Finally! The part we are looking forward to the most. Let’s taste the wine!
Take a sip from your glass and hold the liquid in your mouth for a few moments. Make it run through your whole mouth, reaching every nook and cranny. What is the wine like? Saline, sweet, bitter, sour? What is the texture like? Is it silky or rather rough (astringent)? Do you taste too little or too much alcohol?
When we taste wine, three of our senses are involved: taste, obviously, but also touch; that is why you can feel whether the wine is velvety or rather rough. When we taste sparkling wines, the sensitivity of the buccal mucosa allows us to notice the tickling sensation caused by their characteristic bubbles: are there few? Lots? Are they fine? Or quite thick?
When you taste the wine, do you sense any of the aromas you noticed before when you smelled it? Here we are again using our sense of smell through what is usually called the retronasal route.
The taste phase gives us clues as to the origin of the wine. A wine with a higher alcohol content or that gives a greater sensation of warmth and less acidity nods to an origin that could be a warmer place. A wine with a low alcohol content and a fresh acidity speaks of a cold climate or of wines made from high altitude vineyards.
After having practiced the three main phases of tasting, our brain will inevitably analyse the sum of sensations we got from this experience. Perhaps we will compare the wines we tasted with others we have tried before or perhaps this tasting will help us to make the decision between buying this wine or a different one and finally we will be able to answer the most important question of all: Did we like it?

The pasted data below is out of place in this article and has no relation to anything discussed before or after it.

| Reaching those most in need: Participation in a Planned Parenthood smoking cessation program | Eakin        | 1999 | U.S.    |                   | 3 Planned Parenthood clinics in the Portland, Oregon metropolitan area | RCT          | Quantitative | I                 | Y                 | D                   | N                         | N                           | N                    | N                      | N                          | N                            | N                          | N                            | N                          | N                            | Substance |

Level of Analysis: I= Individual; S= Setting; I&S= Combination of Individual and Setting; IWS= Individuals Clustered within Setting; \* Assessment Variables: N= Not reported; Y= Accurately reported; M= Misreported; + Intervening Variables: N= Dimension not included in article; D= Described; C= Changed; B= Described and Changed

Either way, we should think of wine like we think of people. No two wines will be the same and neither will we as tasters, whether we are professionals or not. We might have had a bad day, or perhaps we are extra sensitive. We experience wine differently when we try it alone compared to when we are with others and this company can also influence our perception of the experience, as well as whether or not we have eaten before tasting or are enjoying the wines with food.
Whatever the circumstances, we hope these tips will help you enjoy putting your senses and new knowledge into practice. Be ready to enjoy new sensory experiences and don’t forget, always give a wine a second chance. Create your own tasting methods, for example by varying temperatures, or comparing how each wine expresses itself in different glasses. Trying and having fun is the best way to learn. We promise!